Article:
After discussions with the Arkansas researchers, the Tennessee group began to conduct preliminary research studies. The research reported in this paper shows only the finalized protocols and not the numerous preliminary studies that were conducted. The first focus of the preliminary research was to establish a method to quantify the pressure buildup caused by the addition of the various spray mixture components. After we examined several test system arrangements, we used the resultant apparatus for this research; this system is fully described and illustrated in the Materials and Methods section. Having established a method to quantify the pressure buildup, the next general research area was to determine spray mixture amounts and dosages that would cause a sufficient pressure buildup to produce discernible differences using the test apparatus. With very dilute concentrations, the pressure differences were minor and difficult to measure. Although these dilute concentrations would be applicable at the final spray mixture dosages, as a pesticide applicator is loading spray equipment, the equipment often contains higher concentrations of pesticides. Normal mixing procedures often result in pesticide concentrations greater than the final dosage. In addition, improper operation of the agitation system properly when loading the pesticide concentrated product, as well as other factors could result in pesticide concentration ratios above the normal use rate. The test system described in this paper uses three times the normal dosage rate of the final herbicide concentration. The Engenia label recommends initially loading a half-tank of water and then adding chemicals (Anonymous 2021b). This means that at the very least there will always be a 2× concentration initially. Thus, a 3× rate is reasonably near what would be happening in every single mix based on label recommendations. A applicator in a rush could also misjudge the fill level of a spray tank, beginning to add chemical before the tank is half full, and thus a 3× rate could be possible.

Table 1.

Source water details used in studies of potassium carbonate effects on spray mixture pressure changes. Medium water pH was used in preliminary and temperature effects studies.

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Materials and Methods

Research was conducted in Knoxville, TN, in 2021 and 2022. The experimental system used for all studies was a 1,000-ml plastic bottle (soft-drink style with a threaded top) containing 750 ml of water, to which the treatment components were added in the appropriate order based upon that respective treatment. The same type of bottle was used for all experiments, so that the headspace volume was the same for all experimental units. This arrangement would mimic a commercial sprayer and the air space in the spray tank. Source water details used are in Table 1.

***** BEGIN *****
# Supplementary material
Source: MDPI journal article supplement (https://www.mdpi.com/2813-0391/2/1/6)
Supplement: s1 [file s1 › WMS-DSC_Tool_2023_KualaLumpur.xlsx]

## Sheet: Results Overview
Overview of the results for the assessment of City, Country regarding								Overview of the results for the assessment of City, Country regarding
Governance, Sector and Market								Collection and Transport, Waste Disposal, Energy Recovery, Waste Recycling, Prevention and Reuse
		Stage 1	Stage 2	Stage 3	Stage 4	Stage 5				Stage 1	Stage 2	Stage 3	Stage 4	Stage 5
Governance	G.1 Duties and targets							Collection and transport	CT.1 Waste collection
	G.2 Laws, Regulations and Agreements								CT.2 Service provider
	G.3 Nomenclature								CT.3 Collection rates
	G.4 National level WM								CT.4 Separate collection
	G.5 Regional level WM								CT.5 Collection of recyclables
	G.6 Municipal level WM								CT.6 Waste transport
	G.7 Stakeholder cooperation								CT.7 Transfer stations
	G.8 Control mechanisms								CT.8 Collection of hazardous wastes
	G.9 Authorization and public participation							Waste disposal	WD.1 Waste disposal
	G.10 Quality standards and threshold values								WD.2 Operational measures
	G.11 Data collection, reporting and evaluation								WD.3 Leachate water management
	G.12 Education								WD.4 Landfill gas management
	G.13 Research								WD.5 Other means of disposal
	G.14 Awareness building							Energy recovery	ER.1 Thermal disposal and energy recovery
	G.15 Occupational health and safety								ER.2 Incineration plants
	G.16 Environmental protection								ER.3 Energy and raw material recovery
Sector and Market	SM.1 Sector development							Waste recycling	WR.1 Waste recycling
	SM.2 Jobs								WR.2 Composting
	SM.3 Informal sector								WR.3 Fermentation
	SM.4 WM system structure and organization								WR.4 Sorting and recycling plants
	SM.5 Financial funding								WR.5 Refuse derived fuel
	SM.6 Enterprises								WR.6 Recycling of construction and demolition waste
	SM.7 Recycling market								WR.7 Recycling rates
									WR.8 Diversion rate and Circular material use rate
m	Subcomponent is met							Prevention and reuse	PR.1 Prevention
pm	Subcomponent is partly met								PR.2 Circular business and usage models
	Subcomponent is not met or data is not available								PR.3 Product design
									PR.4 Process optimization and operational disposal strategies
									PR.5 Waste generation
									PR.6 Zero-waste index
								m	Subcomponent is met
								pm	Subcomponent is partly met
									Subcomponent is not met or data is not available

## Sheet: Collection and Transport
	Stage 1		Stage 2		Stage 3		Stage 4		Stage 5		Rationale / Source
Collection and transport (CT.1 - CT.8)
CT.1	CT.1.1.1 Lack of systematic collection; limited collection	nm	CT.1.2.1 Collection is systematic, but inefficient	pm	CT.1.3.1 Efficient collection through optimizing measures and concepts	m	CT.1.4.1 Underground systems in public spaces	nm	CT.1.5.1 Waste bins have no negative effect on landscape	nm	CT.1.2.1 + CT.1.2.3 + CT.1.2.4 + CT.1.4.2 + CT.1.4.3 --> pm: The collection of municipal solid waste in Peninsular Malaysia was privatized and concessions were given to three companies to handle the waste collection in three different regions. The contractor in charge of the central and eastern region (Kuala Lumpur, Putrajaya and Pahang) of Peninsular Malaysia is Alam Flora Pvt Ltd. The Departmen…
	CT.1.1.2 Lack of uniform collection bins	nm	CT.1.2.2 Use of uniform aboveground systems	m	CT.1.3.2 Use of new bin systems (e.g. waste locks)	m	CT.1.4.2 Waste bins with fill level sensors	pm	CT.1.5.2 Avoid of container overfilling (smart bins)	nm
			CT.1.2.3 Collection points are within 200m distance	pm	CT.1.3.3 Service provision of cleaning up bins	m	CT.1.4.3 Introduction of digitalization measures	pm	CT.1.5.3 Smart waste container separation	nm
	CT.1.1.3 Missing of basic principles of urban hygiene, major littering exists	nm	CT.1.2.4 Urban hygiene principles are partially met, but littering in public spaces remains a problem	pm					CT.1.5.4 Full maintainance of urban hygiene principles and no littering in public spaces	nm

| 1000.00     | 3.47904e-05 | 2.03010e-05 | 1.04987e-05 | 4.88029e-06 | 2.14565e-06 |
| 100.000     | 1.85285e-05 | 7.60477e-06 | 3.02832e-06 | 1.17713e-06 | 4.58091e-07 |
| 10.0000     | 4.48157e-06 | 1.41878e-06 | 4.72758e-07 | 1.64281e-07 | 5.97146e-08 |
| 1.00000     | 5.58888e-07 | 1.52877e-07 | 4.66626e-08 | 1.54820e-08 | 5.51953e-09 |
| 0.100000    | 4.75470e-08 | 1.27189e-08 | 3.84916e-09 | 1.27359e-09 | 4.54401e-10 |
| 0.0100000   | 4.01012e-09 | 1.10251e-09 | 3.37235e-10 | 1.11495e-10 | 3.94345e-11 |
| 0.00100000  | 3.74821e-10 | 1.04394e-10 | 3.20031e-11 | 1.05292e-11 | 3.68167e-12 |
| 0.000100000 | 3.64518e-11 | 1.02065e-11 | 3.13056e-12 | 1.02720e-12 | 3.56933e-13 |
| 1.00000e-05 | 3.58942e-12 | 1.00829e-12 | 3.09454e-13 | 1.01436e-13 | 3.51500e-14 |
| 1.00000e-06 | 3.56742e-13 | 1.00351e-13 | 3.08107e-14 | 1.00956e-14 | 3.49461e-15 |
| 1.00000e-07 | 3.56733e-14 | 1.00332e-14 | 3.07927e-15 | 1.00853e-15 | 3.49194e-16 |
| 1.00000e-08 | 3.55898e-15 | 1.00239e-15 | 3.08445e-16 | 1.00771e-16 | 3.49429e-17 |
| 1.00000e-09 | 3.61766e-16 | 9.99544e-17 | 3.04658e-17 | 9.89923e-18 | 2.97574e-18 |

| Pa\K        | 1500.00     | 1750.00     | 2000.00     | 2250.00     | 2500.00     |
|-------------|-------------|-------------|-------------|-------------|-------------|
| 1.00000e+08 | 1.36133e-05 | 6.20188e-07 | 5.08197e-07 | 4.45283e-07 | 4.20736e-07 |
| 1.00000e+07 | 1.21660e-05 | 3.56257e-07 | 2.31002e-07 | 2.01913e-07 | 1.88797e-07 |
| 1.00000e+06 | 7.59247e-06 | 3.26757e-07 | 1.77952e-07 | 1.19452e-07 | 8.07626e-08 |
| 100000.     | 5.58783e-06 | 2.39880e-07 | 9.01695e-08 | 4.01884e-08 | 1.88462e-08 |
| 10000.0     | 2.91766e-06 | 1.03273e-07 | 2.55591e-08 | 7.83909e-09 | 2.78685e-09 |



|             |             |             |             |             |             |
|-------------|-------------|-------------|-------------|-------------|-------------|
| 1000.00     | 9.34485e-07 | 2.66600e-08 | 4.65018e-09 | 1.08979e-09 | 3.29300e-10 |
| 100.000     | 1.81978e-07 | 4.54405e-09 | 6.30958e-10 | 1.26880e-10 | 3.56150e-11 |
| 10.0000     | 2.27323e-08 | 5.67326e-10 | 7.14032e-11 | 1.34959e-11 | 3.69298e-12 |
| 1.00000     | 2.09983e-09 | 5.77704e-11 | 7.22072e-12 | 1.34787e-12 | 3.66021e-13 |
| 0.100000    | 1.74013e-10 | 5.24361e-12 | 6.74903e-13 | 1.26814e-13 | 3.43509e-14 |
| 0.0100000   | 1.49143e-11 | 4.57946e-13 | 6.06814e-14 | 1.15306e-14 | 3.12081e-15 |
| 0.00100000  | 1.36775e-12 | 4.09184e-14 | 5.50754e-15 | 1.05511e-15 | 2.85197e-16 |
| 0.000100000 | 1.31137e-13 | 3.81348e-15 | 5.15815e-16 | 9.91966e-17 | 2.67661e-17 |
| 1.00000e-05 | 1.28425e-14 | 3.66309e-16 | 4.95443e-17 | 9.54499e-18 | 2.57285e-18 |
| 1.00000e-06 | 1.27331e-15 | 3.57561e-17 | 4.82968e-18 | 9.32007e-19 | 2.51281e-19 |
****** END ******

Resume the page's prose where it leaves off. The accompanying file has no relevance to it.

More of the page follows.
For all studies, treatment components were added to the bottle in the order designated by the treatment (Tables 2, 3, and 4). It was essential to be able to add the treatment components to the bottles while minimizing escaping off-gassing. This was accomplished by employing two researchers to quickly add treatments to the bottles and by utilizing a fitting engineered to attach to the threaded bottle top (Figure 1). This fitting contained a port that allowed for the rapid injection of all treatment components via syringes while still allowing displaced air within the bottle to escape through a separate vent. The valves controlling both the chemical injection port and the gas vent were shut immediately upon the addition of the final treatment component, and the bottle was shaken vigorously for 8.0 s. The pressure in the bottle was then measured directly using a digital gauge attached to the fitting (Dwyer model DPG-103, 0-200 kpa ± 0.5 kpa) (Figure 1). After each spray mixture was examined, the fitting was immediately removed and pH and temperature were recorded (Orion Star model A321). The pH probe and thermometer were always calibrated immediately prior to use.

Table 2.

Effect of volatility reducing agent (VRA) potassium carbonate on pressure buildup and resultant mixture pH.

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Preliminary Confirmation Study